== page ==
Farm Practice in the Use of Commercial Fertilizers in the South Atlantic States
Source of Digital Item
(1) Commercial fertilizers are expensive. Accurate information is needed for their economic use.
(2) With a good rotation, deep and thorough tillage, and the use of green manures, legumes, and winter cover crops, the quantity of commercial fertilizers required for a given crop yield can be considerably reduced.
(3) The character of the soil has a marked influence on the quantity and kind of fertilizer it is necessary to use in a good system of farming.
(4) In farm practice there is a gradual increase in the quantity of all the fertilizer constituents required to produce like yields as the proportion of sand in the surface and subsoil increases. The increase is greatest in the quantity of potash necessary, followed by phosphoric acid, and then by nitrogen.
(5) A study of farm practice shows that the best farmers, those referred to in this bulletin as belonging to Class A, obtain yields of 1 to 2 bales of cotton, 40 to 75 bushels of corn, and 40 to 75 bushels of oats on soils where farmers of Class B get but one-half to 1 bale of cotton, 15 to 40 bushels of corn, and 15 to 40 bushels of oats, duo to the fact that the best farmers have a better understanding of the use of fertilizers and employ better farm methods.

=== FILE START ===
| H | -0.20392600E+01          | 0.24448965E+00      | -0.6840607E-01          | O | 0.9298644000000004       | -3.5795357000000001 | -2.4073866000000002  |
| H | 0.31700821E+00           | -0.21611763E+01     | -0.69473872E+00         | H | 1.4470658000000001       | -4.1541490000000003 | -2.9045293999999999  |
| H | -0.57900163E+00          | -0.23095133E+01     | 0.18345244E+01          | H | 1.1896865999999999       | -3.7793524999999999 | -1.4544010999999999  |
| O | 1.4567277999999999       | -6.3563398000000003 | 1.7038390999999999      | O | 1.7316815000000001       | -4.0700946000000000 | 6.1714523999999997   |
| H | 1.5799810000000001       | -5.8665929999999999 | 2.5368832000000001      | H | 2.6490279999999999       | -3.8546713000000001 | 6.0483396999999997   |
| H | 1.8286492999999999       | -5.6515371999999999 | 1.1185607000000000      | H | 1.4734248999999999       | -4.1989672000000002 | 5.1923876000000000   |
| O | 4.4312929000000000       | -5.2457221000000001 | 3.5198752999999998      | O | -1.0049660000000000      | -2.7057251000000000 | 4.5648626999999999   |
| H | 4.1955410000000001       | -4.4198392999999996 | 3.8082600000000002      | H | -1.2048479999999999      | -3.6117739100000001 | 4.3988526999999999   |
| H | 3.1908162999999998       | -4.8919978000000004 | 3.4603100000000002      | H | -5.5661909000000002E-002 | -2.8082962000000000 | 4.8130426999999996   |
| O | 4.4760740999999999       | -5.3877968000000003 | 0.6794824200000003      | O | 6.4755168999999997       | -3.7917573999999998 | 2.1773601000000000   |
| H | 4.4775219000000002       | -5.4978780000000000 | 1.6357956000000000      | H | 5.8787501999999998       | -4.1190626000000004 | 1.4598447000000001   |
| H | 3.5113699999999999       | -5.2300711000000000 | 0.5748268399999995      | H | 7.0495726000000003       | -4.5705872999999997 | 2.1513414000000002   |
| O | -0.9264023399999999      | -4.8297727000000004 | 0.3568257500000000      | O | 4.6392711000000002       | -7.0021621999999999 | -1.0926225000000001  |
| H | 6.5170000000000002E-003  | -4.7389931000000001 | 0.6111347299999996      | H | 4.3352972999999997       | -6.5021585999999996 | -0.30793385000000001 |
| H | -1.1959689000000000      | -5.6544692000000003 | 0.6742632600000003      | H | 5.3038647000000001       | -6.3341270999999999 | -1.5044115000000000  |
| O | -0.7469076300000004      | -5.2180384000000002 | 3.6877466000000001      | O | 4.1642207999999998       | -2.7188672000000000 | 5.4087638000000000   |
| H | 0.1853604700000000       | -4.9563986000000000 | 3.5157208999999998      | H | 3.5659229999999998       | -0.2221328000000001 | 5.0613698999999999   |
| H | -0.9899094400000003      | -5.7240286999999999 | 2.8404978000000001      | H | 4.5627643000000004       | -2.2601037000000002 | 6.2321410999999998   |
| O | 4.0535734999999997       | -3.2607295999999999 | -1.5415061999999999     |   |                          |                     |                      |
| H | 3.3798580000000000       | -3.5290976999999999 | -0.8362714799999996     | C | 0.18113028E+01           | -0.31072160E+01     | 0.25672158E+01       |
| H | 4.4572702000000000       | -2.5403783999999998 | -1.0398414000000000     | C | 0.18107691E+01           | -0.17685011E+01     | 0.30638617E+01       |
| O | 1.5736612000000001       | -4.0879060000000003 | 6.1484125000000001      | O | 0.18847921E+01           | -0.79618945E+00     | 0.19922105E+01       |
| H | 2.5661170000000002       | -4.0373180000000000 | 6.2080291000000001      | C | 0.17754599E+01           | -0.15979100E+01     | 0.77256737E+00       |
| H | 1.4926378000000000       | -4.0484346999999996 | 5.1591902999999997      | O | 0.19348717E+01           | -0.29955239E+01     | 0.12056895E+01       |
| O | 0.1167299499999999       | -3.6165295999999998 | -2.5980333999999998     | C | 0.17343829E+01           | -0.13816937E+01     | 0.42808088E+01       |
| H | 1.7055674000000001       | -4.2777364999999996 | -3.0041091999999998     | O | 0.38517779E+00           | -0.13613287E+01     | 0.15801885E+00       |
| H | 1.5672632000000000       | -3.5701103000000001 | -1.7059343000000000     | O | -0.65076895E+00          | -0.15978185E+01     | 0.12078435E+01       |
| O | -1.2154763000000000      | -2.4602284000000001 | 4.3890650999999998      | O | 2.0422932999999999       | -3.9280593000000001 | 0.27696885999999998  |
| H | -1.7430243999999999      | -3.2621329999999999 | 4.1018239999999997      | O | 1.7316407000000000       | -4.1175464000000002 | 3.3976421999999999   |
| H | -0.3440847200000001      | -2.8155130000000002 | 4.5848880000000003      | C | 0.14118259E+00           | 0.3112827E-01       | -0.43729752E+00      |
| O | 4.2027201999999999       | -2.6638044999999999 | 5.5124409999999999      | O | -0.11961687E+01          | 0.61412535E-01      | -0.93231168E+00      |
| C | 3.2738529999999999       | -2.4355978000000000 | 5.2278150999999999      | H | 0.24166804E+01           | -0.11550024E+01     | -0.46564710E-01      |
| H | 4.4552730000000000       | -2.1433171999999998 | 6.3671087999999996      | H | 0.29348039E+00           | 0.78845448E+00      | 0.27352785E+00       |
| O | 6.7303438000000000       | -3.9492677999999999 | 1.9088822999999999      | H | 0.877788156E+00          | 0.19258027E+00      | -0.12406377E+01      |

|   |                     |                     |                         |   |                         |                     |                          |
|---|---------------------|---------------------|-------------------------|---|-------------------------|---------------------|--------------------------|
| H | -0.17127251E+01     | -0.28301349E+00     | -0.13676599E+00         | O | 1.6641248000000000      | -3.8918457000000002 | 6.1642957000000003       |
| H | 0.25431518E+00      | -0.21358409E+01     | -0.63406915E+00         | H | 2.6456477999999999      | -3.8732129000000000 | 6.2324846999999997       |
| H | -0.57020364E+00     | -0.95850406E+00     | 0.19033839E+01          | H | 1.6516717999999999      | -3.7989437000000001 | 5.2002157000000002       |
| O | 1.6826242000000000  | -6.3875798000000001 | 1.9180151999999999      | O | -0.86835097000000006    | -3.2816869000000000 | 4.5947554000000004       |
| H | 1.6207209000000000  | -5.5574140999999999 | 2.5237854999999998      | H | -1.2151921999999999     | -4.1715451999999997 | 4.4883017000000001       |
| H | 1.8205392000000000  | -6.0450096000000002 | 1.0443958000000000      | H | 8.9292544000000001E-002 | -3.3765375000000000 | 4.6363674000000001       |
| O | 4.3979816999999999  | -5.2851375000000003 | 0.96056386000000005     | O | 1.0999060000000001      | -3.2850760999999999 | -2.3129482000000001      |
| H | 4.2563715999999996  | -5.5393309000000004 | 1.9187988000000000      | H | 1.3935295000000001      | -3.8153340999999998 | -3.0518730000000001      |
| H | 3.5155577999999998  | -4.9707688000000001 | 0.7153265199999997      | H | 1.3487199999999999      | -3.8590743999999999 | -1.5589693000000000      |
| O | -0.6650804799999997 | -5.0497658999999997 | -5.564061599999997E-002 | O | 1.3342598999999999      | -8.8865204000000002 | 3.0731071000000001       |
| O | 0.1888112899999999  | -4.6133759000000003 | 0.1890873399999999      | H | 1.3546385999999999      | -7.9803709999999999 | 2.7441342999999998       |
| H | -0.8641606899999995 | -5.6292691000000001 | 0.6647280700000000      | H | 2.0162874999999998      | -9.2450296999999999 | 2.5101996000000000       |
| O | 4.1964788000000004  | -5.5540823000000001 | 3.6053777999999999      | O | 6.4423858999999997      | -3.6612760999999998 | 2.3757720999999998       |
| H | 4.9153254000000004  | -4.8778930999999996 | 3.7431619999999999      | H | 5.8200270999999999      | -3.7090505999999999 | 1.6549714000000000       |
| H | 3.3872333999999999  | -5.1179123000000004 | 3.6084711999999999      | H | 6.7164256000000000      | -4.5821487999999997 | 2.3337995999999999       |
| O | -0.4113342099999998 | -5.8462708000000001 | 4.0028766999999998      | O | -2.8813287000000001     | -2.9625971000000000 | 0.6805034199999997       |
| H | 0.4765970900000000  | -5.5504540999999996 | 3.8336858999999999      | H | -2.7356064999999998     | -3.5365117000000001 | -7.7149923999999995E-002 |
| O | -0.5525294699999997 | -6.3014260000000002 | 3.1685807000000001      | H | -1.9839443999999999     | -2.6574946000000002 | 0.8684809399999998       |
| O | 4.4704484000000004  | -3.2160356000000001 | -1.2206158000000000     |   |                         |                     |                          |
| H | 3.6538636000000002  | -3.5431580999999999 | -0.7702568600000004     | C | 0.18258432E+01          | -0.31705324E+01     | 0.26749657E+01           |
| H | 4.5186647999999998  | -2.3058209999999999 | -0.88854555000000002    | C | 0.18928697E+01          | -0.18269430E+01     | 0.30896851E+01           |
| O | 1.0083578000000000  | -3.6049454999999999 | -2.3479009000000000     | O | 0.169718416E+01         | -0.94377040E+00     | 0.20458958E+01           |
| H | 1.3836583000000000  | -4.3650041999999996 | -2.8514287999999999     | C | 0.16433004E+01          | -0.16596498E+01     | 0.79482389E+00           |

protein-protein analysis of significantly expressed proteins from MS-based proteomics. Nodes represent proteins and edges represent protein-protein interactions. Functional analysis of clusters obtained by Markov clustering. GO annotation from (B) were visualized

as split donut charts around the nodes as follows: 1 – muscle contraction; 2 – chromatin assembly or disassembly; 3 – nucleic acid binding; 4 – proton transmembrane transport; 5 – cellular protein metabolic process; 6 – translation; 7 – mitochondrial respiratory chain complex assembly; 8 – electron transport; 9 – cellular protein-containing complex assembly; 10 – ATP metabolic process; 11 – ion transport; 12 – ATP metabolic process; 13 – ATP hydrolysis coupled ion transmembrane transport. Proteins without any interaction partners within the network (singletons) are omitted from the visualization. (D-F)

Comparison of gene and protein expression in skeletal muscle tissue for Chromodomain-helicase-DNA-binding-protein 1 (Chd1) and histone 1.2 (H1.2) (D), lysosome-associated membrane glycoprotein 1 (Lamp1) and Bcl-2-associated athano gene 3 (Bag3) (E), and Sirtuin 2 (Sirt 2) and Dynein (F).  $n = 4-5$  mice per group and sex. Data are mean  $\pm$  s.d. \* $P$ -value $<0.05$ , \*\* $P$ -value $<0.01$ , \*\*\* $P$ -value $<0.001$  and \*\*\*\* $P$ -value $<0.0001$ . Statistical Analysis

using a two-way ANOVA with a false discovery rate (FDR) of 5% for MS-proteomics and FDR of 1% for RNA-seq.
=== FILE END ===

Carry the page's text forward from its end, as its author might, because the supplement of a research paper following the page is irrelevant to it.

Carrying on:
(G) One of the most common grades of fertilizer on the market in the South Atlantic States at present contains 8 per cent of phosphoric acid, 3 per cent of ammonia, and 3 per cent of potash. This grade of fertilizer is of primary value only for cotton on red clay soil under fairly good methods of rotation. This fertilizer formula needs to be greatly modified for crops on sandy, sandy loam, and gray loam soils, and for all crops other than cotton on red clay soil.
(7) Detailed suggestions aro contained in this bulletin on the best method of fertilizing and the most profitable kinds of fertilizer constituents to apply on soils of different character to cotton, corn, oats, wheat, and cowpeas.